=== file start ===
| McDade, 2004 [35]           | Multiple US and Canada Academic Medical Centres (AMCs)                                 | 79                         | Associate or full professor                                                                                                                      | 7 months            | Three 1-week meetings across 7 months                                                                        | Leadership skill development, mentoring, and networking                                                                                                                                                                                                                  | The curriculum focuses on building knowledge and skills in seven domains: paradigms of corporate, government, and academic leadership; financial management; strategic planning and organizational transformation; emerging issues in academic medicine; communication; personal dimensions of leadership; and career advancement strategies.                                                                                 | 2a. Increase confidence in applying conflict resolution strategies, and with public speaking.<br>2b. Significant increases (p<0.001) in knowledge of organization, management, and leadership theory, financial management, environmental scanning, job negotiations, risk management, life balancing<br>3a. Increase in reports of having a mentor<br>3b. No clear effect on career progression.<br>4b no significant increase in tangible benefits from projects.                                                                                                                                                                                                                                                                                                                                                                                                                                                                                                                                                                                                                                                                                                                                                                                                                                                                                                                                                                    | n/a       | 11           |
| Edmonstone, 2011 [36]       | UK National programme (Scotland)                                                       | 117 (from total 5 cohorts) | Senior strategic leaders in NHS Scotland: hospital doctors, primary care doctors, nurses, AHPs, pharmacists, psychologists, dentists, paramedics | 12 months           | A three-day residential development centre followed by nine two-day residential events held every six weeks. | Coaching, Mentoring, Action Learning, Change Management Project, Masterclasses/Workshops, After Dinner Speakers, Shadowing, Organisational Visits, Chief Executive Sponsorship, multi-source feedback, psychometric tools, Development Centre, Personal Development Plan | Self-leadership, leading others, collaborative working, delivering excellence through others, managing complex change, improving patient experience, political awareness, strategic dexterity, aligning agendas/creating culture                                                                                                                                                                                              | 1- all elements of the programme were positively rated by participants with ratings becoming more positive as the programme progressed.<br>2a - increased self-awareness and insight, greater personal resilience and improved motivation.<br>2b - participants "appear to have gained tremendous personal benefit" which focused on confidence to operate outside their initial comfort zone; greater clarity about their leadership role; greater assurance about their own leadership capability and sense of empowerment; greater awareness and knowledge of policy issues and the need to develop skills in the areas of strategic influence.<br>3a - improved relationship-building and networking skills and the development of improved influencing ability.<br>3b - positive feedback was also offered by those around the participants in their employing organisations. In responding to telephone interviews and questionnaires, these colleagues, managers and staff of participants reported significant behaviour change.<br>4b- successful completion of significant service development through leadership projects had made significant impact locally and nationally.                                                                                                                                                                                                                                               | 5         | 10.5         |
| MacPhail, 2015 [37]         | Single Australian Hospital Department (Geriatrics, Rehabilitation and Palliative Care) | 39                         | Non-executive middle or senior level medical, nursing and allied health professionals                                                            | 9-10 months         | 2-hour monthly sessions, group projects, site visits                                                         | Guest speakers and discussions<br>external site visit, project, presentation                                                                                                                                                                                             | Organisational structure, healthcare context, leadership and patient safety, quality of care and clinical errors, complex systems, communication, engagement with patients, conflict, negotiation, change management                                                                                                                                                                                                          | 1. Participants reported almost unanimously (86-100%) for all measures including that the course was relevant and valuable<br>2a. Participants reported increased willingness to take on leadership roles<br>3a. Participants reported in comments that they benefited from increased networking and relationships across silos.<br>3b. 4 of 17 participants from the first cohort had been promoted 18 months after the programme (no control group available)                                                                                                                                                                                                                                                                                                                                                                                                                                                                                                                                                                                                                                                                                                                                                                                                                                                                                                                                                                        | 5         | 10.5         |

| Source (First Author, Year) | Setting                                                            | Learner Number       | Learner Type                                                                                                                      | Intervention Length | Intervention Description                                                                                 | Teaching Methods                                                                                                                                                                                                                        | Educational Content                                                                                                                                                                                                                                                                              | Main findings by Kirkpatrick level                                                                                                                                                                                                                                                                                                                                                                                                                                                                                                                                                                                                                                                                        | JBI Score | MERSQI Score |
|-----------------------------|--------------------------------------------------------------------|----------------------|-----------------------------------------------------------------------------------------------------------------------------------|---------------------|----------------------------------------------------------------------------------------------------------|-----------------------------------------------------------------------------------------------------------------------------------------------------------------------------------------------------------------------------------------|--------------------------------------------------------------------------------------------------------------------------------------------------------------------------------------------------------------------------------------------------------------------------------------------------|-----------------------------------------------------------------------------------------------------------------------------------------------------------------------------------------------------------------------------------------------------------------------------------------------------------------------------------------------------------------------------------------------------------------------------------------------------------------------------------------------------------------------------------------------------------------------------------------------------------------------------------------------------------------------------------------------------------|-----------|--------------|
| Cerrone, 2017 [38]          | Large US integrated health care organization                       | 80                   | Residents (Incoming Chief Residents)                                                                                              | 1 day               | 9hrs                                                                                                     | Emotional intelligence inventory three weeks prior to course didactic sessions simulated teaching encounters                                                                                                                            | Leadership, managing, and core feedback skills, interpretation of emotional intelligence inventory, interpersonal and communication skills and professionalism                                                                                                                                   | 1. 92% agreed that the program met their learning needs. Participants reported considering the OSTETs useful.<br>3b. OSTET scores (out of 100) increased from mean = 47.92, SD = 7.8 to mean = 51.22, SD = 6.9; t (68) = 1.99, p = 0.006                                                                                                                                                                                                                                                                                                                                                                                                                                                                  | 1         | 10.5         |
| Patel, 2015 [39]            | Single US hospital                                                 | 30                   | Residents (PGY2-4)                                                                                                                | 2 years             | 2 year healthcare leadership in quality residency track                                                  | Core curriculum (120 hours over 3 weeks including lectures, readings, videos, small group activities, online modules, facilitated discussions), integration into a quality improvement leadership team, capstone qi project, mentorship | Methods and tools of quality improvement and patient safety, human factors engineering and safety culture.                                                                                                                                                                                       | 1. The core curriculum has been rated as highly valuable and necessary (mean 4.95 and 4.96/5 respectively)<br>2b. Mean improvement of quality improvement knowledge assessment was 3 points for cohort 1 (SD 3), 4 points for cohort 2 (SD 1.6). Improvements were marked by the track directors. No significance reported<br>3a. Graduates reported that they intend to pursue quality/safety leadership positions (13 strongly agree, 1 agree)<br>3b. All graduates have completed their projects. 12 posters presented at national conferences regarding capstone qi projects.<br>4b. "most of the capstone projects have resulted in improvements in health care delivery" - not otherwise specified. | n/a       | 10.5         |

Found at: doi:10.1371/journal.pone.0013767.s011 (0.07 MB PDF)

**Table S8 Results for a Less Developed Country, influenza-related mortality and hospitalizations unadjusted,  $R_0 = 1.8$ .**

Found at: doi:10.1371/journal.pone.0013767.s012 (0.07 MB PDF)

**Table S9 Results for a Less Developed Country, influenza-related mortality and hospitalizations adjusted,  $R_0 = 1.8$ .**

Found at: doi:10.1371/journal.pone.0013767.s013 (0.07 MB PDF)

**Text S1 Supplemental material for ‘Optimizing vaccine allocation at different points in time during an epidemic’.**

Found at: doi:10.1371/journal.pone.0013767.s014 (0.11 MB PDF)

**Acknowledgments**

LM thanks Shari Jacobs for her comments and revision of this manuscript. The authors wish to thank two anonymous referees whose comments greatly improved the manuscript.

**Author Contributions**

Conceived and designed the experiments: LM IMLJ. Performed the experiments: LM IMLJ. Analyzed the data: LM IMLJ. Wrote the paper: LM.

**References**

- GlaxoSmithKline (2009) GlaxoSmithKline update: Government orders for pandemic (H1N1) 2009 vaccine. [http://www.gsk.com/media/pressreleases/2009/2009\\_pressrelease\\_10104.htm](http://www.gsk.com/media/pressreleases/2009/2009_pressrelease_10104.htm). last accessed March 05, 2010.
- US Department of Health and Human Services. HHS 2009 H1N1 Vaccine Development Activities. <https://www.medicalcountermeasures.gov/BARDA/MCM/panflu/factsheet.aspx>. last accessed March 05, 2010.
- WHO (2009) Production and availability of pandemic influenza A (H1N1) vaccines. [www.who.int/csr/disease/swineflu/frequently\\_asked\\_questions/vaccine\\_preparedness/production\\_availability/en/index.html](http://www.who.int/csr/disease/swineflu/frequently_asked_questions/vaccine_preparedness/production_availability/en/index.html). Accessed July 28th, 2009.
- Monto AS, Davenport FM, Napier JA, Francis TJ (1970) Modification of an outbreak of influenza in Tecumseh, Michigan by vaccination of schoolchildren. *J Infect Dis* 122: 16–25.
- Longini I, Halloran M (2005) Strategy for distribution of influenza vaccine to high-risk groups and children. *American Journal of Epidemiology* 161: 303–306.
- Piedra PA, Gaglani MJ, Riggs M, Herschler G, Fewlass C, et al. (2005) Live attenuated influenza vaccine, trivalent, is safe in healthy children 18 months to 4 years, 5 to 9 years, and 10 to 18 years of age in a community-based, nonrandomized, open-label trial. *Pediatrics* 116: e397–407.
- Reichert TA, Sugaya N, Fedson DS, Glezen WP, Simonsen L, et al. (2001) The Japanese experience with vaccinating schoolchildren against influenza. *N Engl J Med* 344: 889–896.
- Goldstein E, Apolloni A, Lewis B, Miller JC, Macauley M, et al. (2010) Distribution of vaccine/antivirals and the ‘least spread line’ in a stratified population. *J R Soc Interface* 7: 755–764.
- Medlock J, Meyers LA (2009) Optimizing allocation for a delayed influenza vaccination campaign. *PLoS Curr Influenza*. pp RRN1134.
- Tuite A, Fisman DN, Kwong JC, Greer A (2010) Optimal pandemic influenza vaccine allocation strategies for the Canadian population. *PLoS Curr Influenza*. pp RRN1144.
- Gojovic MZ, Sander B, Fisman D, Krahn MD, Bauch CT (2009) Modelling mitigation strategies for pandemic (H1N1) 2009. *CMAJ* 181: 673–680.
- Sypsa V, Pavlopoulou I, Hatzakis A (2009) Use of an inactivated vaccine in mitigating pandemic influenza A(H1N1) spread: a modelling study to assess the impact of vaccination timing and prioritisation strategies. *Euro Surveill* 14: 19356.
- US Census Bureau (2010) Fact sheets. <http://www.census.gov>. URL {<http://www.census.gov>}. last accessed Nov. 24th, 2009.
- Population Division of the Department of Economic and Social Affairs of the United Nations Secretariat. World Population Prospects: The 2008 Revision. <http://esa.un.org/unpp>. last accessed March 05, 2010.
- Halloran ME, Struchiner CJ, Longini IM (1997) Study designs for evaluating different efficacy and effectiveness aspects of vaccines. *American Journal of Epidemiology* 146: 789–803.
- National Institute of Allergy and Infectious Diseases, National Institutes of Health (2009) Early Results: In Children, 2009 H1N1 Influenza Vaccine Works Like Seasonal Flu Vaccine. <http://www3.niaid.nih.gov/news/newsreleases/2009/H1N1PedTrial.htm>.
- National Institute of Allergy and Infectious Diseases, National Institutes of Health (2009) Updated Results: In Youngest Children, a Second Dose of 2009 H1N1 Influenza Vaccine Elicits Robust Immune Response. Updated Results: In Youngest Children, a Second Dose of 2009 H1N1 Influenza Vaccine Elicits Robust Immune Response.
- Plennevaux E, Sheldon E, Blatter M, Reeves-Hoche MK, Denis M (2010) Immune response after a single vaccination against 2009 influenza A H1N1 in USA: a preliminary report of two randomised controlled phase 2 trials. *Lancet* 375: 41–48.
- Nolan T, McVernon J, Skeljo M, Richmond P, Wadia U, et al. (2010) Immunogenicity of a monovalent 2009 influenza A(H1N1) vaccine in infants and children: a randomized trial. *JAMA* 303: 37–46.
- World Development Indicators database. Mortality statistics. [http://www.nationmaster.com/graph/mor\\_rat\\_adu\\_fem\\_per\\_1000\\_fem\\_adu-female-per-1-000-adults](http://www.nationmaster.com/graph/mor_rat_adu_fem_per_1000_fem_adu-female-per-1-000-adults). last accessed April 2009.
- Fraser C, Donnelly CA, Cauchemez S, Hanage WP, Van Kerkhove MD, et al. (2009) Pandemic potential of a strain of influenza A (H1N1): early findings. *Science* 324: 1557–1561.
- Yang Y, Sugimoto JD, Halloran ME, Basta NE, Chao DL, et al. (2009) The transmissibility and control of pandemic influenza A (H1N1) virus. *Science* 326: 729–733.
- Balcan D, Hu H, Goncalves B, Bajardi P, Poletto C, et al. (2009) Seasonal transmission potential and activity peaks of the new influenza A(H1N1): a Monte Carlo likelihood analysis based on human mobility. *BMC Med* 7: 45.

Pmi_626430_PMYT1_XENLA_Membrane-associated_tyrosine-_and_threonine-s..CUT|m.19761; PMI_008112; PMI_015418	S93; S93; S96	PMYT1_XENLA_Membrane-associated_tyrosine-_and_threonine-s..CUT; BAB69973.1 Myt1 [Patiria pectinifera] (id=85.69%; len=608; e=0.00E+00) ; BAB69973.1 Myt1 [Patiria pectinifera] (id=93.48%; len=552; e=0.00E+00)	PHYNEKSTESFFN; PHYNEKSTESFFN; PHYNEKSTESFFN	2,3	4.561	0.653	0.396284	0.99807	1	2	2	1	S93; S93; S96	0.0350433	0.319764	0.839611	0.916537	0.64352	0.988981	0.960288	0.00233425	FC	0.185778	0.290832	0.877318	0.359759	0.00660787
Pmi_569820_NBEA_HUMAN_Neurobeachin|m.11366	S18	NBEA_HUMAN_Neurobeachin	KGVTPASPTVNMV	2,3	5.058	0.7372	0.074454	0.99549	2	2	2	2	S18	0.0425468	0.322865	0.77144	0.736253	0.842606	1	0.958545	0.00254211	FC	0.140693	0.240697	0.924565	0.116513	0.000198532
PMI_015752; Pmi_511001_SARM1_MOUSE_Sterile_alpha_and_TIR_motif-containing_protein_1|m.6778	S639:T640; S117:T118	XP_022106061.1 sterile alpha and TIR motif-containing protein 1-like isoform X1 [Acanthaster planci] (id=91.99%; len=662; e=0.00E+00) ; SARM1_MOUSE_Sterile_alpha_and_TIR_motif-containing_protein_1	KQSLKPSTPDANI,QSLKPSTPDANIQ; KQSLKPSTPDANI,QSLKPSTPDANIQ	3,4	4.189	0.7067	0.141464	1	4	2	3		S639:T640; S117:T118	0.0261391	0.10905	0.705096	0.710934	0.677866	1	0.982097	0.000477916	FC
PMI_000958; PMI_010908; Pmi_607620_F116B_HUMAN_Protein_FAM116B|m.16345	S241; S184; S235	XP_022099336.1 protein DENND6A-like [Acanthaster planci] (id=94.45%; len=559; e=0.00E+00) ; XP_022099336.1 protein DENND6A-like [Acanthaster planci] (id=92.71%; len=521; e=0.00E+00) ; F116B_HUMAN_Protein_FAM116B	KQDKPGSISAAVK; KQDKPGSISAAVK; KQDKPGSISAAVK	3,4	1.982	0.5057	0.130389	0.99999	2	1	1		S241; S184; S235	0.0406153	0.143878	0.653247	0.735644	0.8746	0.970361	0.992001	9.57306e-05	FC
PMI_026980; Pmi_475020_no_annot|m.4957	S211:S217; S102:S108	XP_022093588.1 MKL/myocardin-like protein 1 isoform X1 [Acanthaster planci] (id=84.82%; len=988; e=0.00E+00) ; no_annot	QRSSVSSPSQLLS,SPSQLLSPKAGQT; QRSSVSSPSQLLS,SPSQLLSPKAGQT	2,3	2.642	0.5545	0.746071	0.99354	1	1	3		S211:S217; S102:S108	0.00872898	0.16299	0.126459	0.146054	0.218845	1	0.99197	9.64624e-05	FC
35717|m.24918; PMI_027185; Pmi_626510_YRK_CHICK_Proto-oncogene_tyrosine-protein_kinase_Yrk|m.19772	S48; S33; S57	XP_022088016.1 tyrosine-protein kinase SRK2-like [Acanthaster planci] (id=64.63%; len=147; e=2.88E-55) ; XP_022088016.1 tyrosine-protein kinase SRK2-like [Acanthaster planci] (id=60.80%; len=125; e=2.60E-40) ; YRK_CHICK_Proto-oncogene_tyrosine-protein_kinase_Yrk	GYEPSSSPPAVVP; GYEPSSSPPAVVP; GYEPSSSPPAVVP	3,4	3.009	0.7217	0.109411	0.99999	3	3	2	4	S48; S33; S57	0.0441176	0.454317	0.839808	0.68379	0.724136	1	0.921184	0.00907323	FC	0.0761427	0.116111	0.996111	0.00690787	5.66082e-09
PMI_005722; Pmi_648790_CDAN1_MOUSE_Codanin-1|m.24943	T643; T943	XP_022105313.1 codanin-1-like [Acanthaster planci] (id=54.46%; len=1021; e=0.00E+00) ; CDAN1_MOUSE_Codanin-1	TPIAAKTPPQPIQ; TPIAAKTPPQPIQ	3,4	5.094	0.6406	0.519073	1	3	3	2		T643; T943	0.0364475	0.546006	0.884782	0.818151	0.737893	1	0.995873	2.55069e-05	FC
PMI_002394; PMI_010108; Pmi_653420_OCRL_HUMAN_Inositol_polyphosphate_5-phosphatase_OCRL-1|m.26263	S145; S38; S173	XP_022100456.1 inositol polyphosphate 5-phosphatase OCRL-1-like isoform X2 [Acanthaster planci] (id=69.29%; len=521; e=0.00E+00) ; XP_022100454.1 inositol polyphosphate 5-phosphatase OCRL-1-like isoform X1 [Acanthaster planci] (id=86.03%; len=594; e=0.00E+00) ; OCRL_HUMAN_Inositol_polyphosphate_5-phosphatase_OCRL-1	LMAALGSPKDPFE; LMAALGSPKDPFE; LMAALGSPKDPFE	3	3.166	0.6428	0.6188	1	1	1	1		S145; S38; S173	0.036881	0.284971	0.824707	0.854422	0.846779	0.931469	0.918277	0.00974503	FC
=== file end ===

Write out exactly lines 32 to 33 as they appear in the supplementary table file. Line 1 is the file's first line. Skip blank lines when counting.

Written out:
- US Census Bureau (2010) Fact sheets. <http://www.census.gov>. URL {<http://www.census.gov>}. last accessed Nov. 24th, 2009.
- Population Division of the Department of Economic and Social Affairs of the United Nations Secretariat. World Population Prospects: The 2008 Revision. <http://esa.un.org/unpp>. last accessed March 05, 2010.